If marijuana grown in my backyard and consumed only by myself is in interstate commerce, then pretty much everything is in interstate commerce, and federalism is in real trouble. It’s sad that Scalia doesn’t see this. Kennedy’s vote was almost as disappointing. He was with the majority in the Lopez decision, but decided to render that decision obsolete with today’s ruling.
The rest of the conservatives did well on this one at least. Thomas, Rhenquist and O’Connor all voted to protect state medical marijuana laws. It was the liberals on the court that voted to assert the power of the federal government and strike down medical marijuana.
My hope is that this decision, and others like it, will awaken liberals to the value of federalism. The libs have been crapping on federalism for years because they have had control of congress. It only got in their way. Now that Republicans are running things it’s possible that the importance of federalism will soon become perfectly clear. Someday we may get back to the form of government that the framers intended.
Update from Sean: I really wonder if the marijuana issue has the staying power of the states rights issue, as Noah points out. No doubt this will open the eyes of many in the lefty dope-smoker demographic, but the really perceptive ones will see what we've been talking about all along: the less the government stands on your sack, the better. The best quote to come of this is from Clarence Thomas:
Thomas said the ruling was so broad "the federal government may now regulate quilting bees, clothes drives and potluck suppers throughout the 50 states."Well said.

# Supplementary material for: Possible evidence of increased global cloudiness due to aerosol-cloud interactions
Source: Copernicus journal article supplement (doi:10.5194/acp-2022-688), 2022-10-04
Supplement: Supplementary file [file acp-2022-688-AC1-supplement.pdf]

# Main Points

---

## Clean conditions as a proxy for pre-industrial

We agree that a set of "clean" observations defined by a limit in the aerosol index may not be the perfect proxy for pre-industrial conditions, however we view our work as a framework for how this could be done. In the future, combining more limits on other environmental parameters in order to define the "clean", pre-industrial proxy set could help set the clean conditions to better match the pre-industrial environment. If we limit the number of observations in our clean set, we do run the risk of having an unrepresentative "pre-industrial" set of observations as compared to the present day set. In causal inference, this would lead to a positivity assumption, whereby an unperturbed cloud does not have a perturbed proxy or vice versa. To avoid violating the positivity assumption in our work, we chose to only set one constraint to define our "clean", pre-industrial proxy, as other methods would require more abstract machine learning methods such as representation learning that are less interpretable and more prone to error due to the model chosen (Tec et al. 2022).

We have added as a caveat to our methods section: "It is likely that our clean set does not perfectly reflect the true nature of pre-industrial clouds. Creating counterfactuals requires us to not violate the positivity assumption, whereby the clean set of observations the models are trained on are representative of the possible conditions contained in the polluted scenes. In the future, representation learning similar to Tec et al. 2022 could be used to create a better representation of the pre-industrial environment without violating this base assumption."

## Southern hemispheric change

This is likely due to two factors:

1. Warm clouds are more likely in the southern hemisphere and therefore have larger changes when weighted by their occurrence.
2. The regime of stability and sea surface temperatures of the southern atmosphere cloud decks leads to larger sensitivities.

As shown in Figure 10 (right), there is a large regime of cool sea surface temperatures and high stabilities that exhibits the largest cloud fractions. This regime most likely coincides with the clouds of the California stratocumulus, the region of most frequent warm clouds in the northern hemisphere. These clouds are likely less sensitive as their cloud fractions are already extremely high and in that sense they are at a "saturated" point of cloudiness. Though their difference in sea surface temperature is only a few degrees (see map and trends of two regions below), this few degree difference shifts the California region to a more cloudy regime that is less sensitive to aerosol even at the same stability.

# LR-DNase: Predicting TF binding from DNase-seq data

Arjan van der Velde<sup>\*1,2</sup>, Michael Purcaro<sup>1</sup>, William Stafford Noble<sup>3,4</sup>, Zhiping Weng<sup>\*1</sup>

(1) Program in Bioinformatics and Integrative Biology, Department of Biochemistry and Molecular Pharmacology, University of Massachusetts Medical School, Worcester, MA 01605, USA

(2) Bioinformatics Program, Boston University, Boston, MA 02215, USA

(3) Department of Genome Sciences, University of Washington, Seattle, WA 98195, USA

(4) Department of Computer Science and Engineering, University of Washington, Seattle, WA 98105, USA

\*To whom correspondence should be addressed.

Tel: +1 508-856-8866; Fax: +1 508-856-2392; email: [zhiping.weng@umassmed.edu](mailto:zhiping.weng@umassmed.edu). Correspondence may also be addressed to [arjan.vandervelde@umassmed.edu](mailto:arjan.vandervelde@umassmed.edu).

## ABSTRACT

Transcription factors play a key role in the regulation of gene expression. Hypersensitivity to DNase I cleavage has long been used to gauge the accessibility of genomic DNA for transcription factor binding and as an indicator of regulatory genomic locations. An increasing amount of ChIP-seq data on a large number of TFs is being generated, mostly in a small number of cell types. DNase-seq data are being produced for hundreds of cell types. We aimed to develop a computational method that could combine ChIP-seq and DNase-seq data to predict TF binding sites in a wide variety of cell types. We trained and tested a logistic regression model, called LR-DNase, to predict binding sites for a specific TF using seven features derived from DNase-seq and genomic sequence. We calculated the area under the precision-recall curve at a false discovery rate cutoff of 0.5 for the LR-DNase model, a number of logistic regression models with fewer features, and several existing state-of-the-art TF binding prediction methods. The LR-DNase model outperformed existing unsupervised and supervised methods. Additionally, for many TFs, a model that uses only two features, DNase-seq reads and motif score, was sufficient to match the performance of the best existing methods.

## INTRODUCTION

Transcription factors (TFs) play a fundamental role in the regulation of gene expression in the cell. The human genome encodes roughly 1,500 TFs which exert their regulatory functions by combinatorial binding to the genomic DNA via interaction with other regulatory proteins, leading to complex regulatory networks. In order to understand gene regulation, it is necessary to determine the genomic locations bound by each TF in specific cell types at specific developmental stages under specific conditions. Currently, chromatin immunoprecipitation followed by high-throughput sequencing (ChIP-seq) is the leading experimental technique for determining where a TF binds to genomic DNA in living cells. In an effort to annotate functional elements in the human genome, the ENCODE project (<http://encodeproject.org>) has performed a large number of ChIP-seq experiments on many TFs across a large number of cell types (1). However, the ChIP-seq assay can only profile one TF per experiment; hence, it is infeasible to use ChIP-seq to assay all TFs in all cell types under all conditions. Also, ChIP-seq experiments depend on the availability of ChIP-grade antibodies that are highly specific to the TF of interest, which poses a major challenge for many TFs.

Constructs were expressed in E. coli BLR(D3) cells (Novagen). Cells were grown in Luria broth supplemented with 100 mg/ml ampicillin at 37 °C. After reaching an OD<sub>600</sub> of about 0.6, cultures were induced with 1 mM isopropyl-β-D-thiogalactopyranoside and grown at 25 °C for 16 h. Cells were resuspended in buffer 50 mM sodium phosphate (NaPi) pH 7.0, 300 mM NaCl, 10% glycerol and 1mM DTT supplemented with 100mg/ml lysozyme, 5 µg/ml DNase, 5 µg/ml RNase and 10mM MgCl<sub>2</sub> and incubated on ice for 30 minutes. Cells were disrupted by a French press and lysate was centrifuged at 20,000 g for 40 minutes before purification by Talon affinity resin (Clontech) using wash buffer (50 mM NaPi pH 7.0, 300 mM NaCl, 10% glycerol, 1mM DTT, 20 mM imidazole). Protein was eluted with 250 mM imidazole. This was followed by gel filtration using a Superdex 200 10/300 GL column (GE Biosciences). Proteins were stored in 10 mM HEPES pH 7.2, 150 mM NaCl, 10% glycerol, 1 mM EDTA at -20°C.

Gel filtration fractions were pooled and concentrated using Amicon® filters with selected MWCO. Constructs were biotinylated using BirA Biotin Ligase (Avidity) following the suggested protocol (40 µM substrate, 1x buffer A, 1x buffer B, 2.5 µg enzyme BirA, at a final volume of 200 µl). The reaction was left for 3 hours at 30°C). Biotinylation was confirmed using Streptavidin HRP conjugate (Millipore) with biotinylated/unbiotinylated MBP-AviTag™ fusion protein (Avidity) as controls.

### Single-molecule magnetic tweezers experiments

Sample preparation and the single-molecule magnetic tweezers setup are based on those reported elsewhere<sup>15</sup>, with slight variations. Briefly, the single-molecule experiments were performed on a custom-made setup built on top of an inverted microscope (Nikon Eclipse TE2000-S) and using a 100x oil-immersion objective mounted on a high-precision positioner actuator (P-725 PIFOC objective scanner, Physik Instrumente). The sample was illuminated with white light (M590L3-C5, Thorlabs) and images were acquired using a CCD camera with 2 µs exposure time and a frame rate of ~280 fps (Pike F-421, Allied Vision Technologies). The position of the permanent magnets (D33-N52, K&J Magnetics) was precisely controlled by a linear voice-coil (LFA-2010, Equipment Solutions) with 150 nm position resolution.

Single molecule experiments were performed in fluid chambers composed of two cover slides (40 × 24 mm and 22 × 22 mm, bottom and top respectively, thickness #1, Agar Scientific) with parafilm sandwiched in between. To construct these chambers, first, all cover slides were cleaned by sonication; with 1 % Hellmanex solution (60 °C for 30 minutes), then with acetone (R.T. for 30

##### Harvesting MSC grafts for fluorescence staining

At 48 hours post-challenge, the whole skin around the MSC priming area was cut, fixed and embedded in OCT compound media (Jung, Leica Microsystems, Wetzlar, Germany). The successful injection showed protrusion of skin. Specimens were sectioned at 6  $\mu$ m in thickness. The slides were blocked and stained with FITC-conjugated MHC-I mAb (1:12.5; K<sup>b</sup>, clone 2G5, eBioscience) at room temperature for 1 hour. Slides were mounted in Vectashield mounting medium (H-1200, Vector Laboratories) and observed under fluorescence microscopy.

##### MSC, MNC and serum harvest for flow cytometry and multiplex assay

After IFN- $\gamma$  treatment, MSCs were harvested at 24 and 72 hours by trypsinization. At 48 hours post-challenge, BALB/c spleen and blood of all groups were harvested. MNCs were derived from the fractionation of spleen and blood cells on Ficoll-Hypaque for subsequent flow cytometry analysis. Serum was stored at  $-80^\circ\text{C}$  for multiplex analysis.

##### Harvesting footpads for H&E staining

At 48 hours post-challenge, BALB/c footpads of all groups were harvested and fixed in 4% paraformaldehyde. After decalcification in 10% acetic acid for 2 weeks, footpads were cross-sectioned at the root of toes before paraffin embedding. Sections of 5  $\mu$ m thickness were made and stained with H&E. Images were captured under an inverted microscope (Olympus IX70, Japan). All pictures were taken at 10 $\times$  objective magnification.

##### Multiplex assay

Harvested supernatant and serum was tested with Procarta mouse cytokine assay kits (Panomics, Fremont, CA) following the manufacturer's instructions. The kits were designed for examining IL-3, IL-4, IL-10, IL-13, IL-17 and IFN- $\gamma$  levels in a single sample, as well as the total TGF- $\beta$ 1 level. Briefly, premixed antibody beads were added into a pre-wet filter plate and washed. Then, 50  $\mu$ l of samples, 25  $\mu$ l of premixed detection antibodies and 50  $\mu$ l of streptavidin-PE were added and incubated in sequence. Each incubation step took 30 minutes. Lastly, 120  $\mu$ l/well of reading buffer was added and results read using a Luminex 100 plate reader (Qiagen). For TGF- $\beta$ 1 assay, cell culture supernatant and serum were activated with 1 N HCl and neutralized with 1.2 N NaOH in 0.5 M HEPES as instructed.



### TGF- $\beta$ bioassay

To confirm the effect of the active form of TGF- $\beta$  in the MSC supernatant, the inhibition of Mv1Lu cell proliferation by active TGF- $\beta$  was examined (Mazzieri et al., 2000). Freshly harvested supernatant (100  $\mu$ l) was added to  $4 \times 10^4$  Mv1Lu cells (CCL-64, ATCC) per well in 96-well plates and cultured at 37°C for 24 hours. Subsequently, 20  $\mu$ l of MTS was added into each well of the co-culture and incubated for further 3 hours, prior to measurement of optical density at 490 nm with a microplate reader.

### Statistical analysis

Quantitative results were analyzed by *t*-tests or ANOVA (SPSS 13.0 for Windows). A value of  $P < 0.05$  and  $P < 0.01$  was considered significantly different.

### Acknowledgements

Friday, June 03, 2005
The lark’s on the wing;
The snail’s on the thorn;
God’s in His heaven –
All’s right with the world!
Ha! I was about to be disabused of such notions.
The movie starts with a long and incoherent battle scene. Despite the whole “A long time ago in a Galaxy far, far away” stuff that preceded the battle I had only vague notions of who was fighting who and why. Big battleships going at it yardarm to yardarm in an intergalactic slug fest, but to what end? Why should I care? It was all just wallpaper for some bogus heroics provided by Obie Wan Kanobi (or however the hell you spell the man's name) and young Skywalker.
In the climactic moments of the battle the two Jedi confront General Grevious, a creature that is about 98% robot and 2% meat, and yet suffers from a chronic hacking cough. Even worse, when the General talks he sounds just like Triumph the Insult Comic Dog. I kept waiting for him to say “I love the Jedi . . . to poop on!” (And he wasn’t the only one who sounded ridiculous every time he opened his yap. Some of the aliens had accents like Japanese people with Down’s syndrome.)